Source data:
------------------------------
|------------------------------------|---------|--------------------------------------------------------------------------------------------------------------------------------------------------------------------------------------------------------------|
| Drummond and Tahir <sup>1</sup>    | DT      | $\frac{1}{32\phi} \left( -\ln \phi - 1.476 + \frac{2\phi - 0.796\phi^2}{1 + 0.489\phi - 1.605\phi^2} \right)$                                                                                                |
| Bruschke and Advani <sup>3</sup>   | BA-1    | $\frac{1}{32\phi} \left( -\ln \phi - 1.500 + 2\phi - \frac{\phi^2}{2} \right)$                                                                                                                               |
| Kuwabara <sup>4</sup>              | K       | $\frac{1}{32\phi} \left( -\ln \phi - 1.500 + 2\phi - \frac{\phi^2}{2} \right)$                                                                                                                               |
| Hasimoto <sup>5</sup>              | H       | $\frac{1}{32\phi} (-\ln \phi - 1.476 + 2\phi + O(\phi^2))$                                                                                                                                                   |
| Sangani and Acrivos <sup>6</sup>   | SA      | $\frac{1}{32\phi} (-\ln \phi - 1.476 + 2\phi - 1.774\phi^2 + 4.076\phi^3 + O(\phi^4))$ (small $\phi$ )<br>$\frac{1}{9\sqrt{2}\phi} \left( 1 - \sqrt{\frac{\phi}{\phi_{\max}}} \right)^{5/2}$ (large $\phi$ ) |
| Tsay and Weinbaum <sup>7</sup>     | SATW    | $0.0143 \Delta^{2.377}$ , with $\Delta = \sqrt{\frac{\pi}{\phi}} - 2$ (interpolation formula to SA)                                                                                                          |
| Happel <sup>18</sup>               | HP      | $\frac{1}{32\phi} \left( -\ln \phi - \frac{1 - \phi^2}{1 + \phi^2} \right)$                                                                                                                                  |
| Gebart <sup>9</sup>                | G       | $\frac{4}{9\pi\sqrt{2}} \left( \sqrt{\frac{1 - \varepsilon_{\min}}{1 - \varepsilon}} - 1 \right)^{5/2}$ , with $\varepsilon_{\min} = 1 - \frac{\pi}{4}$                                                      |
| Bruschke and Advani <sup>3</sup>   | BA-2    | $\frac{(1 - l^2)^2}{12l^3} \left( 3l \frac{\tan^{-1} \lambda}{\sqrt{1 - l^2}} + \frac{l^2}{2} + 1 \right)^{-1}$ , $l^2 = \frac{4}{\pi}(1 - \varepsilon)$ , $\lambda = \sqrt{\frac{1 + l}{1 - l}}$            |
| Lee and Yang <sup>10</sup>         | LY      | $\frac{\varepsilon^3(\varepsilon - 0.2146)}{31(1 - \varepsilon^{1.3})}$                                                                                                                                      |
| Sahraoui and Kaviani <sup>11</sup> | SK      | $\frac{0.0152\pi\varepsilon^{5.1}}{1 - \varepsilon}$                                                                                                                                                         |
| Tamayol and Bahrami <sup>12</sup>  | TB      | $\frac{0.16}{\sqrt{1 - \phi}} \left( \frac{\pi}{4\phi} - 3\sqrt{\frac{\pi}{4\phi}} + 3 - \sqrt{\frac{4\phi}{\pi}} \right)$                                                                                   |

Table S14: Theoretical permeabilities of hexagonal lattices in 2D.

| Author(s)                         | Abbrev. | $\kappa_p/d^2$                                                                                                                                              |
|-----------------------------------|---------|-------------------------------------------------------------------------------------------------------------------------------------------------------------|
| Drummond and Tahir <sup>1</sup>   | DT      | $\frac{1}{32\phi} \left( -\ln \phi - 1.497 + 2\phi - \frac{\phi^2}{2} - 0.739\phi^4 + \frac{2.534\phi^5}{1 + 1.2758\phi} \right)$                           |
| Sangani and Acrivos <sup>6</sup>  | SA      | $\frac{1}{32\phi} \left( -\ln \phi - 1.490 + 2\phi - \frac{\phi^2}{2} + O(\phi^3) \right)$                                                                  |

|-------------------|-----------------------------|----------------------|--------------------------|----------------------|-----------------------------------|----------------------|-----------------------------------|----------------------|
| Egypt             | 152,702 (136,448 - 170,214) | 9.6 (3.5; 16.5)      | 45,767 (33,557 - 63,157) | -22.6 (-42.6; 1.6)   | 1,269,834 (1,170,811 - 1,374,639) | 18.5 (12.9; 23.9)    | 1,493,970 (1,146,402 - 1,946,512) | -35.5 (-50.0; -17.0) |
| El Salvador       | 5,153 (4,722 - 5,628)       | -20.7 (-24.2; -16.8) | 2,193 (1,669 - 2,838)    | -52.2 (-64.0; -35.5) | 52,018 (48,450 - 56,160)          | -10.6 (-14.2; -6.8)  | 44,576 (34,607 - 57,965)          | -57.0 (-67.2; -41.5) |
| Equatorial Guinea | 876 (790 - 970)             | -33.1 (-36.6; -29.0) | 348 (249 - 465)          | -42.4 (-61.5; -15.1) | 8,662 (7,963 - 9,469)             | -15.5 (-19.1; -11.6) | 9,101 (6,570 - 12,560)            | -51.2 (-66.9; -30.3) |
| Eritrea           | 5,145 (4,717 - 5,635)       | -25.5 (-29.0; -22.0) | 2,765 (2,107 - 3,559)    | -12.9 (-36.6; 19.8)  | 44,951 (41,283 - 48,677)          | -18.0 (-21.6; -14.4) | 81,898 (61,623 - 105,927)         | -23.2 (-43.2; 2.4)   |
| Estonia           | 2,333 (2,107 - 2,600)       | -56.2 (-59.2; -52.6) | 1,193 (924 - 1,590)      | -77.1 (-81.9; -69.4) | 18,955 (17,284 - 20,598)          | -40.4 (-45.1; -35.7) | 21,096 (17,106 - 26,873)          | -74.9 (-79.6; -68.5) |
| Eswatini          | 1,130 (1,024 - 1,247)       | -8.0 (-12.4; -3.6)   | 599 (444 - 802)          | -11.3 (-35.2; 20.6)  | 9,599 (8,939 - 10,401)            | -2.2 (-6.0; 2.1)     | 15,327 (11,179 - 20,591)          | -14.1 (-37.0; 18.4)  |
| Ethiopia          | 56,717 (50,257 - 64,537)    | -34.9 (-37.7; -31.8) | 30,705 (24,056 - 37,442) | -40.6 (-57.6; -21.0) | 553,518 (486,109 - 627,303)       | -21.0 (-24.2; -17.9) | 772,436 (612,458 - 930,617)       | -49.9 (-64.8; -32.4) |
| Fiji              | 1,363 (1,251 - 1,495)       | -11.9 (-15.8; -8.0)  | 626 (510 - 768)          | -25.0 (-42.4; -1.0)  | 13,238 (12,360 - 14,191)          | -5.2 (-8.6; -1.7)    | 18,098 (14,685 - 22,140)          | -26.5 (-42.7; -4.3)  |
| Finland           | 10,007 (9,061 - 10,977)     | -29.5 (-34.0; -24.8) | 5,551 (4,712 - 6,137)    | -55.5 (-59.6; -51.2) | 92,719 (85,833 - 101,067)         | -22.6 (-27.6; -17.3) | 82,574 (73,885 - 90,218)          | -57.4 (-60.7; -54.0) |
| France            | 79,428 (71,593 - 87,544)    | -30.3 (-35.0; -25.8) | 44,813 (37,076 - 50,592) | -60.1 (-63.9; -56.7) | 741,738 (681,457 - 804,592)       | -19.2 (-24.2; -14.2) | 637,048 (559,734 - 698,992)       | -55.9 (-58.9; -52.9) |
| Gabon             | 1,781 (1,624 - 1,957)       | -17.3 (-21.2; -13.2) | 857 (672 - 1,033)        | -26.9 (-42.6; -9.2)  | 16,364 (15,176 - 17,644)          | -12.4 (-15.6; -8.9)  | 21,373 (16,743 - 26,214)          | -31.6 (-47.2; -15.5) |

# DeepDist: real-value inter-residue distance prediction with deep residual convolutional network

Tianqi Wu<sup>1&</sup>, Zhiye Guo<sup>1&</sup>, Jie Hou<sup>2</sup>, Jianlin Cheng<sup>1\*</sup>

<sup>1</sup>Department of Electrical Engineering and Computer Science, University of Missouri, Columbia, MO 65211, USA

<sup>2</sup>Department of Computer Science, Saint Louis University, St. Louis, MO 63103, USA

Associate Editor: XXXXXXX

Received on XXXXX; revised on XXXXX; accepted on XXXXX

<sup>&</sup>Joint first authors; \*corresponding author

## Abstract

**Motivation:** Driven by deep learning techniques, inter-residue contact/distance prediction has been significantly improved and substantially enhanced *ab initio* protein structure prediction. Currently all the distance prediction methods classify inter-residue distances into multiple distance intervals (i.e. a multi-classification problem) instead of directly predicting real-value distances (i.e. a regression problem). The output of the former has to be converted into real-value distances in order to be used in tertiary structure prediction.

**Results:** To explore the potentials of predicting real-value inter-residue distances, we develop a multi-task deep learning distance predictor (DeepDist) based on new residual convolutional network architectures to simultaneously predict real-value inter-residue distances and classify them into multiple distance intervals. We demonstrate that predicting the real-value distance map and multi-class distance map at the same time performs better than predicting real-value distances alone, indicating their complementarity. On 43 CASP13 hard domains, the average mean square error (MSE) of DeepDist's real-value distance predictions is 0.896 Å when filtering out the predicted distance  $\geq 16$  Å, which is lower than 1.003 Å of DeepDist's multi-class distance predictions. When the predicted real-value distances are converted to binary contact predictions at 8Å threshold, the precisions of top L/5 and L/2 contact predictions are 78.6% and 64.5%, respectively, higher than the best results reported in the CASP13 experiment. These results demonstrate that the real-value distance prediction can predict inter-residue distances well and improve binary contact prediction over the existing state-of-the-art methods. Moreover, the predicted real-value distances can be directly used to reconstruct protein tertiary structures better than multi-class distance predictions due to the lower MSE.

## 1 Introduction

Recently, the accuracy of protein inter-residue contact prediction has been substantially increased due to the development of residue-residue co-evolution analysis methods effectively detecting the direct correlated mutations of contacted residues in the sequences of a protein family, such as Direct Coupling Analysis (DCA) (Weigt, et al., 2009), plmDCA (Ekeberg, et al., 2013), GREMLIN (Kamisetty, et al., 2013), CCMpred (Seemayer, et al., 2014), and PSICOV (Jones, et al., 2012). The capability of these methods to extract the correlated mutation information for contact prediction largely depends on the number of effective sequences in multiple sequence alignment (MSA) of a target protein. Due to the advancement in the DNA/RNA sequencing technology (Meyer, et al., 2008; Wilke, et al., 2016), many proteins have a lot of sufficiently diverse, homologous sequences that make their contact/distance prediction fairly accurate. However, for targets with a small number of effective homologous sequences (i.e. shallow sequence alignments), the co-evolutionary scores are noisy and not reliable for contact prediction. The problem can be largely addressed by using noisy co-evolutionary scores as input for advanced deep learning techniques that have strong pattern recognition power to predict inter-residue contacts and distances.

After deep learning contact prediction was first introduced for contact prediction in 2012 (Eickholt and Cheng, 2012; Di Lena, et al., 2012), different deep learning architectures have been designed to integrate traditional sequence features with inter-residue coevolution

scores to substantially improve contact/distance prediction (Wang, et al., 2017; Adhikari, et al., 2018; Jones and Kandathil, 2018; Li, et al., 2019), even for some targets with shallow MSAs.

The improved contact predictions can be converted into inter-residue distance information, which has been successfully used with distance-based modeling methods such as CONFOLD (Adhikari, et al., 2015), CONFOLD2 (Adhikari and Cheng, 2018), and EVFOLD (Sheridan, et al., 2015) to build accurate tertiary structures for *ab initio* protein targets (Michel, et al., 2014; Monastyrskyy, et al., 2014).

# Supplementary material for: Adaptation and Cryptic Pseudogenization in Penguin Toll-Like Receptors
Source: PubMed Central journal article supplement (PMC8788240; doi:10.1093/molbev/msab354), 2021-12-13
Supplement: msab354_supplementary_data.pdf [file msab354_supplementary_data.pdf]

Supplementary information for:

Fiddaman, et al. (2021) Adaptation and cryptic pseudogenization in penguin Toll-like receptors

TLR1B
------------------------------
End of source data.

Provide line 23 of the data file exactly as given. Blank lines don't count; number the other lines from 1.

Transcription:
| Eritrea           | 5,145 (4,717 - 5,635)       | -25.5 (-29.0; -22.0) | 2,765 (2,107 - 3,559)    | -12.9 (-36.6; 19.8)  | 44,951 (41,283 - 48,677)          | -18.0 (-21.6; -14.4) | 81,898 (61,623 - 105,927)         | -23.2 (-43.2; 2.4)   |